Beyond the Casey Anthony Case

Posted on 07 July 2011

During World War II, there was a cliché used by servicemen wishing to resolve problems or disputes.  That phrase was, “Tell it to the Chaplain.”  In other words, get it off your chest and then move on with your life.  As a result, the Chaplain became the confidential keeper of secrets who would, according to God’s laws, advise the confessor as to the proper course of action.

This, however, is America.  And as per Constitutional Law, we “render unto Caesar what is Caesar’s.”  In so doing, we have crafted a legal system considered to be the finest (read: most just) in all the world.  Its basic tenets are:

1.       Presumption of innocence until proven guilty

2.       The right for an accused to be judged by a jury of his or her peers

3.       The right to appeal a sentence

4.       Executive Order (a.k.a., a Presidential Pardon)

Despite the simplicity and apparent clarity of these tenets, our legal system is actually quite complex as well as expensive.  It costs to hire an attorney skilled in plying legal jargon, if not actual evidence, to prove innocence or guilt. (In this particular case, money does buy happiness and God help the poor!)  Rich or poor, during the past decade, America has witnessed crimes committed by notable and soon-to-be notable individuals: perpetrators who have received variable judgments, based upon the nature of their crimes, in an effort to protect our society against such persons.

I remember the Watergate trial, astounded not only as to how it was unfolding, but how it was unfolding before my very eyes: live, through the magic of television!  I suppose that Watergate set the precedent for mass media to be invited into our courtrooms as a means of keeping the public informed.  Thus, we the people had remote, live access to the O.J. Simpson trial and other notorious trials.  More and more, however, the media continued its carefully plotted intrusion into these cases.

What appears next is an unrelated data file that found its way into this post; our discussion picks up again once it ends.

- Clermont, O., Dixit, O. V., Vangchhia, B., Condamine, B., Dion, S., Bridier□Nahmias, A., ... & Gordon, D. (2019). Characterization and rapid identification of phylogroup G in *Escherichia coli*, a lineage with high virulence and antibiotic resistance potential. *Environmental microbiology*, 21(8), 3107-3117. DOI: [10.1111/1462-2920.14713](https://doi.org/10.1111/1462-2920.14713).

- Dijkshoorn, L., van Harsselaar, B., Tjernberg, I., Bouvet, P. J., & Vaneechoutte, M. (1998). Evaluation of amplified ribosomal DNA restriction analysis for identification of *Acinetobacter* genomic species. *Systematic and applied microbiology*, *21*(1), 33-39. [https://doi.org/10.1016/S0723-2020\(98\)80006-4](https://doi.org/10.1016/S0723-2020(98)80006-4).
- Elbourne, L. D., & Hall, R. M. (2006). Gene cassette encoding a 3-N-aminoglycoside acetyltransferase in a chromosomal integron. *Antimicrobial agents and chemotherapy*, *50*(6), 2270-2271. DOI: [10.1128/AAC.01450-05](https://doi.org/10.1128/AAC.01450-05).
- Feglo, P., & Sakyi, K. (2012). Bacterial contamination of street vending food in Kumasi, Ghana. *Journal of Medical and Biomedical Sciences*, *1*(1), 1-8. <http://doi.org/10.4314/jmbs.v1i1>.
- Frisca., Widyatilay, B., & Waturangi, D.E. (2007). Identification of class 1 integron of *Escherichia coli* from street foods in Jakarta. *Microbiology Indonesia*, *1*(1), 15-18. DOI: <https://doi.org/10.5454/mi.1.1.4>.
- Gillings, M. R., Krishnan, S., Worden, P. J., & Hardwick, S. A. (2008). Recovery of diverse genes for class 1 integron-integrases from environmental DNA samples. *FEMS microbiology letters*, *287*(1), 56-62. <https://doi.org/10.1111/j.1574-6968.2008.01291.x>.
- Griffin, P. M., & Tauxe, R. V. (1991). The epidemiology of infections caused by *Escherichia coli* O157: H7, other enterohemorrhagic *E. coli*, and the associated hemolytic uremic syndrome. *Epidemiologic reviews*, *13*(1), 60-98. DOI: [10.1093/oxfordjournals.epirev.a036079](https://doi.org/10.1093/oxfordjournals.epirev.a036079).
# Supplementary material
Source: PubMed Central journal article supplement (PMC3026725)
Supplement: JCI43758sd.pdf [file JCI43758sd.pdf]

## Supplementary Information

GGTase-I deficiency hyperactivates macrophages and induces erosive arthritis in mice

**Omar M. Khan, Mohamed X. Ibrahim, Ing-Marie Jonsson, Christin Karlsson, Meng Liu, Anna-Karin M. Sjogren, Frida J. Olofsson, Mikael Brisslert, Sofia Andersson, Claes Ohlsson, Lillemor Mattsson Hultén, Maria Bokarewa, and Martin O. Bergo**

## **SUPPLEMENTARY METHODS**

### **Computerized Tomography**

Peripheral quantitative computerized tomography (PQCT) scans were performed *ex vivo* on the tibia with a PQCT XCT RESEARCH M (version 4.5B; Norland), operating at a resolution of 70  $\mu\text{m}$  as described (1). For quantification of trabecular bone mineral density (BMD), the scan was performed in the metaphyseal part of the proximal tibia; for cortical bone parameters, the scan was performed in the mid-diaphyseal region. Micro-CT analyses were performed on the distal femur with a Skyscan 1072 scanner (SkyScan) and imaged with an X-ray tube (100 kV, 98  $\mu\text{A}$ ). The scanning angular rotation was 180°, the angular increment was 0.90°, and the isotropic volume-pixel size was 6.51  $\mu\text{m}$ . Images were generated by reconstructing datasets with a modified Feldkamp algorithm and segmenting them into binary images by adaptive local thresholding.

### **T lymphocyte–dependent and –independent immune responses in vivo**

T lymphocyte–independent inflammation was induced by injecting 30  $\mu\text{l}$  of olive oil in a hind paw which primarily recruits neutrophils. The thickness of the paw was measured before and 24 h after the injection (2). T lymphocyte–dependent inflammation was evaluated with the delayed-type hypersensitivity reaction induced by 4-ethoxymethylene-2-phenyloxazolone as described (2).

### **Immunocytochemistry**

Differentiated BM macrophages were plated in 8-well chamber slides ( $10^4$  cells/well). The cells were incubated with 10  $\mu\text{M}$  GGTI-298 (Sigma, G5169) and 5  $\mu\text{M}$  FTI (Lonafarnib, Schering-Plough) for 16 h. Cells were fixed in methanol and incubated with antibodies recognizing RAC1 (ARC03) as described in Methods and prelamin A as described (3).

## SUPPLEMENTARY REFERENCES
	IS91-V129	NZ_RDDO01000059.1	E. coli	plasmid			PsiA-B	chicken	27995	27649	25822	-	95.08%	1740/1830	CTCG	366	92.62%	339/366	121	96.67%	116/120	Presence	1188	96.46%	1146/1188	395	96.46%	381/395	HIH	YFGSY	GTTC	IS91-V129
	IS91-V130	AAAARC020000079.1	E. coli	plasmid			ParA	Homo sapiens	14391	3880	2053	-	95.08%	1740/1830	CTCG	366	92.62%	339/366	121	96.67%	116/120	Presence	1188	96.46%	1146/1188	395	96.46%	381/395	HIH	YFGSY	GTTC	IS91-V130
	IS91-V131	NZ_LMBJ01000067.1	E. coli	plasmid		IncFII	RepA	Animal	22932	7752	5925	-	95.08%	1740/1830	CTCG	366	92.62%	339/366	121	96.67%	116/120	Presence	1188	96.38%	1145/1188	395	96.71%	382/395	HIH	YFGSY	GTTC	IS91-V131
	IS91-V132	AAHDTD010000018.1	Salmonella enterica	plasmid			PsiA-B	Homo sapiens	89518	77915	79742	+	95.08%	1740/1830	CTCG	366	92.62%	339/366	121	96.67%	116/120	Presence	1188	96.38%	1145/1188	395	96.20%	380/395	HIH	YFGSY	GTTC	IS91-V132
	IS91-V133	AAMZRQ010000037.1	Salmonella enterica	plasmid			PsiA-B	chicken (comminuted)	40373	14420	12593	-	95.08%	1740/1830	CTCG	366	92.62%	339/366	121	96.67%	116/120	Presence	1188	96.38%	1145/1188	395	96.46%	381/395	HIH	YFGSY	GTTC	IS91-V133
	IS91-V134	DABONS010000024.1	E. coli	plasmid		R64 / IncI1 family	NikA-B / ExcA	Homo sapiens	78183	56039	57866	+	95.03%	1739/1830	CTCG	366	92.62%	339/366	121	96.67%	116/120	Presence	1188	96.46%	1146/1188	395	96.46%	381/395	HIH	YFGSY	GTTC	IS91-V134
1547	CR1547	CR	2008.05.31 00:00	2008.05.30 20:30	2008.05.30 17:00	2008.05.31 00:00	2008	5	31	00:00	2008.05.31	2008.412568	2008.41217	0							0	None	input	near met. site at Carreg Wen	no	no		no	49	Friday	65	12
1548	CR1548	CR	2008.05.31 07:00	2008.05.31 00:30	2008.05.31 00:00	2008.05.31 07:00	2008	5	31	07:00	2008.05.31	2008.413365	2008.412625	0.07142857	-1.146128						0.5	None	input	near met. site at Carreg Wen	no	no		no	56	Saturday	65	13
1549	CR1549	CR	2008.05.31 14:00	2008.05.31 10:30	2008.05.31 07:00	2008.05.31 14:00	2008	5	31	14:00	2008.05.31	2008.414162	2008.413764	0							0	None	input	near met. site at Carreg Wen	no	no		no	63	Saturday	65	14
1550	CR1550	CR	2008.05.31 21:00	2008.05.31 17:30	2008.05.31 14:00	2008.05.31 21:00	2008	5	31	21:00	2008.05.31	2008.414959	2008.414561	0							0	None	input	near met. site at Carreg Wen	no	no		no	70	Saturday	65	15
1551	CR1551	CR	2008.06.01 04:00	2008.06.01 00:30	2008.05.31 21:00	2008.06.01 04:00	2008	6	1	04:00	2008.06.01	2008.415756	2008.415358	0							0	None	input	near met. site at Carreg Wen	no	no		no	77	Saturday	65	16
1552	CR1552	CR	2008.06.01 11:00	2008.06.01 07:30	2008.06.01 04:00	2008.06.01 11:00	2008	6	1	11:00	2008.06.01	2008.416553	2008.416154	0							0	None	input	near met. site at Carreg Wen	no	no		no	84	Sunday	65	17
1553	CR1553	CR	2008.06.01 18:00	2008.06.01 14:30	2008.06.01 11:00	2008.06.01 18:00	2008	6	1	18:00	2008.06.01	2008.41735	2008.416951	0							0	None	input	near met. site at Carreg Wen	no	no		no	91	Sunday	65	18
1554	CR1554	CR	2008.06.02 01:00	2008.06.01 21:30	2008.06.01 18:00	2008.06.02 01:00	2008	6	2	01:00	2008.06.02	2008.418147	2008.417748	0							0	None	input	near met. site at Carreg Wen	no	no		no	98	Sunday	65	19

Before mass media had intervened in such a manner, court cases were tried within the confines of a courtroom, in the jurisdiction of the locale in which the alleged crime was committed.  But, thanks to technology, the Court of Public Opinion has adulterated our legal system.  Complete with all the trappings of a media sideshow (is anyone else disturbed by the antics of Nancy Grace and Jane Velez-Mitchell?), it  includes public panel discussions in which the pros and cons of as yet unresolved legal cases are bandied about. Personal opinions of the newscasters and their guests are tossed in to liven things up and increase viewership or readership of the media vehicles.  In the old days, these types of proceedings would have been known as “lynch mobs.”

Extensive media coverage of an ongoing trial does nothing to determine the innocence or guilt of the accused  party.   But that is not its purpose.  Its true intent is to improve media ratings and line the pockets of the media moguls and their investors.  Whether we’re watching or listening to the media, reading newspapers, Twittering opinions, or surfing the Internet for coverage, it all comes down to money.